The charity helping people understand the court process has seen a five-fold increase in work since legal aid reforms were made.
Nick Gallagher, chief executive of the court-based Personal Support Unit, revealed the organisation now provides for 60,000 litigants every year at one of its 22 sites across England and Wales.
Speaking at a civil justice conference in London on Friday, Gallagher said 55% of clients are dealing with family matters, 40% are unemployed and 22% do not speak English as their language.
The service has become ever more important since the Legal Aid, Sentencing and Punishment of Offenders Act (LASPO) took areas of civil justice out of scope. It cannot provide legal advice but it will guide litigants through the court process when they do not have a lawyer.
Gallagher said the solution to litigants in person was not necessarily to ensure they have a lawyer but more to feel the system is catering to their needs.
‘[Clients] are confused, frightened and intimidated by a system that was not designed for them,’ said Gallagher.
‘I am afraid the first thing they say when you ask about access to justice not always access to a lawyer. They talk about having their story heard and being able to put their story across with dignity. We need systems that allow that to happen.’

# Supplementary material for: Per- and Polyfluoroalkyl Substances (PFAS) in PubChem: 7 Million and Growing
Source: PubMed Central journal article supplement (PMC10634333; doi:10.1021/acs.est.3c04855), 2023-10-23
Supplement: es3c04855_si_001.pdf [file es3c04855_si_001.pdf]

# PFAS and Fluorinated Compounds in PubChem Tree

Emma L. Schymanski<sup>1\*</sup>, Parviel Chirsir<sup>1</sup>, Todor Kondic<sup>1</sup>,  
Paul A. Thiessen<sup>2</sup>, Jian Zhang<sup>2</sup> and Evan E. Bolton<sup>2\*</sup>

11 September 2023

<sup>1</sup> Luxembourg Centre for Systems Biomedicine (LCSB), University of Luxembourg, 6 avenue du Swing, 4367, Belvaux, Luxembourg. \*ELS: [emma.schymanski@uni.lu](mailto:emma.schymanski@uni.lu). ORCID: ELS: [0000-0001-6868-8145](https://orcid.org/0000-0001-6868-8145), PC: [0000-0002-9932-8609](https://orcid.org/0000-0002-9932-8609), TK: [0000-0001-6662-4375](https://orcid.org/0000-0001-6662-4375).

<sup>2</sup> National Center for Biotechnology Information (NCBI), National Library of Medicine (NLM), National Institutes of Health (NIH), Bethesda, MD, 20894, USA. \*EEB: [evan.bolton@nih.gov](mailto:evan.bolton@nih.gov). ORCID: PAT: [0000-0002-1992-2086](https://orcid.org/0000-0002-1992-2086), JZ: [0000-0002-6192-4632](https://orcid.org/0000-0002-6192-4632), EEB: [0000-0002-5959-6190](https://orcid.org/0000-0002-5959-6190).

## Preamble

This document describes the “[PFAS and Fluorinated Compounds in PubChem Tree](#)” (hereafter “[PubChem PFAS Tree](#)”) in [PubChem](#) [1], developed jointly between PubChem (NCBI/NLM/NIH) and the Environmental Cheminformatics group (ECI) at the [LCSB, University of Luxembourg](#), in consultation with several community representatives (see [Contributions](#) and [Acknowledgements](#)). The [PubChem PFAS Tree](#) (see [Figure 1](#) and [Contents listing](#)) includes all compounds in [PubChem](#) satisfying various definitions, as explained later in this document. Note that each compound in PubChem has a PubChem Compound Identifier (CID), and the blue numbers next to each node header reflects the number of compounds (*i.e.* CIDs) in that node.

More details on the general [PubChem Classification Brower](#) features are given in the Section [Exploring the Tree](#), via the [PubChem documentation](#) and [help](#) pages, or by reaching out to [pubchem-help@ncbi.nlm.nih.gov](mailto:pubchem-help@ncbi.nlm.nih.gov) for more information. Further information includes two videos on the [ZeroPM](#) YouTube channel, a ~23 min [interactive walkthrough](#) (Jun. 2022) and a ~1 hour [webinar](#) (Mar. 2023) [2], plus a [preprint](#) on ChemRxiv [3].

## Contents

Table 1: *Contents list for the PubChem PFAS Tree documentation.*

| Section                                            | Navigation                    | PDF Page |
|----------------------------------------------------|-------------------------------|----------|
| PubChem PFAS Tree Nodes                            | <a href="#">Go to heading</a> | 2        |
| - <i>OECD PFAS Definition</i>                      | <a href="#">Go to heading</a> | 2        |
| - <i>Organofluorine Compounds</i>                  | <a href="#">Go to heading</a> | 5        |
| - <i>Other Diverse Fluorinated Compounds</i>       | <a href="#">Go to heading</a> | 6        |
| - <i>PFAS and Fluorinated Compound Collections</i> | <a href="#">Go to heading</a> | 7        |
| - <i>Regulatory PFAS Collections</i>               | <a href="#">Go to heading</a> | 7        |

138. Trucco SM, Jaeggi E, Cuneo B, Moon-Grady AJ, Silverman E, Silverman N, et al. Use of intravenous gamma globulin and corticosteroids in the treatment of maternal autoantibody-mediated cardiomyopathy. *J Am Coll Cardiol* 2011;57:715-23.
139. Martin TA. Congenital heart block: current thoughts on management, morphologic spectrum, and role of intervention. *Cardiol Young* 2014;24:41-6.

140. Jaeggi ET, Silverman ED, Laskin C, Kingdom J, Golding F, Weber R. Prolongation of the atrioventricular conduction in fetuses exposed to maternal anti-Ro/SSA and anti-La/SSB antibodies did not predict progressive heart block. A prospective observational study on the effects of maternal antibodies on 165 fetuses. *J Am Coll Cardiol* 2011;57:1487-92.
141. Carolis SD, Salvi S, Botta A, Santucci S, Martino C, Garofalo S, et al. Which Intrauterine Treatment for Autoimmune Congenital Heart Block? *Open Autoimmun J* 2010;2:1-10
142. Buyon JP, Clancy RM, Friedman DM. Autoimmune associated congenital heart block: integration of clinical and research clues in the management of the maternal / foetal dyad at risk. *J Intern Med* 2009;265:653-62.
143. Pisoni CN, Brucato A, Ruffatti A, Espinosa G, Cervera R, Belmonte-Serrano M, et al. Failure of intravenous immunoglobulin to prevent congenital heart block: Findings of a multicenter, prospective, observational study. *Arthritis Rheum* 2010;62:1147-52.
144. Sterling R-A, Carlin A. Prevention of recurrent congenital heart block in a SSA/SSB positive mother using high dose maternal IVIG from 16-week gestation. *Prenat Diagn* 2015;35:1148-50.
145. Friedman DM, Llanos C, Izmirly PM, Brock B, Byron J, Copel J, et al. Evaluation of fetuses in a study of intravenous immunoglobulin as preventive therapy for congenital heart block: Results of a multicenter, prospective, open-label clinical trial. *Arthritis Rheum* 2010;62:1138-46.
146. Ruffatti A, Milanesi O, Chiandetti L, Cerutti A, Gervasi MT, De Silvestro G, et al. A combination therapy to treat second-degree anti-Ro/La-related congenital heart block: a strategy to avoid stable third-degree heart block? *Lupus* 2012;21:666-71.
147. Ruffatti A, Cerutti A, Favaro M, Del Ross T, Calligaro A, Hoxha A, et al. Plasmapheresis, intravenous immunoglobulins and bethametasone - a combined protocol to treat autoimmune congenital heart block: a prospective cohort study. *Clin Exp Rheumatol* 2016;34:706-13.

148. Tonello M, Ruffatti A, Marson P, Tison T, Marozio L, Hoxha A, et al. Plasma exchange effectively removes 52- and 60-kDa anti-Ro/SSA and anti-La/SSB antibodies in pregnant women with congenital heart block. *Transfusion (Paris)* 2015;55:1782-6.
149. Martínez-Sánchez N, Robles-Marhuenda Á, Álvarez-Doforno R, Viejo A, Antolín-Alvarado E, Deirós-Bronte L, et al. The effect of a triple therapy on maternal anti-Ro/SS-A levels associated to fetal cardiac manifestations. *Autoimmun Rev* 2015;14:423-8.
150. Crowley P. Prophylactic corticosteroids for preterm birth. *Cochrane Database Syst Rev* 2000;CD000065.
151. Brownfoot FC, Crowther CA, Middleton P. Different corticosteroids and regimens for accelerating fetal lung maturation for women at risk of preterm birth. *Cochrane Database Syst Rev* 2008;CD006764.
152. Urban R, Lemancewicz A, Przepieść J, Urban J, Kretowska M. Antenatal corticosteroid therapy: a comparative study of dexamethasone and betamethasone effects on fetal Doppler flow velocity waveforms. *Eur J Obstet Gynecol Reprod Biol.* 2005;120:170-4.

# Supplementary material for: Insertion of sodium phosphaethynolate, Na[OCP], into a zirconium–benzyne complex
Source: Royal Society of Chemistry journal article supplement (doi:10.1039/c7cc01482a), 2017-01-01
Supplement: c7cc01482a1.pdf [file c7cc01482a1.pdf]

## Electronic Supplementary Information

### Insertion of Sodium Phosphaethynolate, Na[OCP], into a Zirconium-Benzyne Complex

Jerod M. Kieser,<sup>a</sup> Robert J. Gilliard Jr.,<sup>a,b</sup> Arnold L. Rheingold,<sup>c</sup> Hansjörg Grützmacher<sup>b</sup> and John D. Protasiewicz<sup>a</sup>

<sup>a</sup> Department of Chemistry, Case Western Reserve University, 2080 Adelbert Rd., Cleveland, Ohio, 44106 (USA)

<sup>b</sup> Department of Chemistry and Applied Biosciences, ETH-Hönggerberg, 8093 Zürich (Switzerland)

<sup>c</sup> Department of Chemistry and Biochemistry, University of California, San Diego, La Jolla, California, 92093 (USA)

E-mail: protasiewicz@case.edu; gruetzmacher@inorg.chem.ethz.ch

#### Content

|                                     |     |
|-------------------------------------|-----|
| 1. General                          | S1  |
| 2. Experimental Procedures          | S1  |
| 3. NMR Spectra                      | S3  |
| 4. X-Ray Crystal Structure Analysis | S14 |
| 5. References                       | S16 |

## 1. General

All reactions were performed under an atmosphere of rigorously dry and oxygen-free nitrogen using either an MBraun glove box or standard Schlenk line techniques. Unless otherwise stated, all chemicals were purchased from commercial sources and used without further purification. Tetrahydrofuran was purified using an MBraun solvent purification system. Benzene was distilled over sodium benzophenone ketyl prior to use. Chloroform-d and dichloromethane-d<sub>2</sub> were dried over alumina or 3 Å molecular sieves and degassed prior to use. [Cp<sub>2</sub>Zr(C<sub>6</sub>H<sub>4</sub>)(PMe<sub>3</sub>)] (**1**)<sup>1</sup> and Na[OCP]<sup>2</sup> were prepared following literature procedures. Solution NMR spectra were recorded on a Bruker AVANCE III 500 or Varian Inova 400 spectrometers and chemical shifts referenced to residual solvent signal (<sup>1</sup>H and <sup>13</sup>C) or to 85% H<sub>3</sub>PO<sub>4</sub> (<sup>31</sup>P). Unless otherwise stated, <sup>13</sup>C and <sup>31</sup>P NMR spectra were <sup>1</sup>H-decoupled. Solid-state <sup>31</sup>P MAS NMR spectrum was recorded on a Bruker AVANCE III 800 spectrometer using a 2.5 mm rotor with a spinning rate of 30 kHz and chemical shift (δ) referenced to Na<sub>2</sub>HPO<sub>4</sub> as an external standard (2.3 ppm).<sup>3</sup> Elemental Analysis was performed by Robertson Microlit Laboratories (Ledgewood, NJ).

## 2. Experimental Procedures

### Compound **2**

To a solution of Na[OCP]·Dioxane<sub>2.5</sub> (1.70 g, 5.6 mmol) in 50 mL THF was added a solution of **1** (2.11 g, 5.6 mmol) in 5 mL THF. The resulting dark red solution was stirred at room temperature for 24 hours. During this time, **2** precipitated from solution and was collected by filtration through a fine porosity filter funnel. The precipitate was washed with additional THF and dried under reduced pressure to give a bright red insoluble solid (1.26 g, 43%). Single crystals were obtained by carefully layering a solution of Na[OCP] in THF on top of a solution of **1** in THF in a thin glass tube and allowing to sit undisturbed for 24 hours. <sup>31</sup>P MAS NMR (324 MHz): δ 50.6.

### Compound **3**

Gallagher said the court process often appeared to be tailored to lawyers, judges and administrators rather than litigants, particularly in the language used. He added that the proposed online court for resolving civil claims is an opportunity to simplify the process and ‘level the playing field’ in terms of language and process.
The government is coming under increasing pressure to complete its review of the legal aid reforms, with 71 MPs signing an early day motion to urge the Ministry of Justice to take prompt action.
The motion states that in the first year after LASPO came into force, the number of cases in which legal aid was granted fell by 46 per cent from 925,000 to 497,000. The number of legal aid providers has fallen by 20% in five years.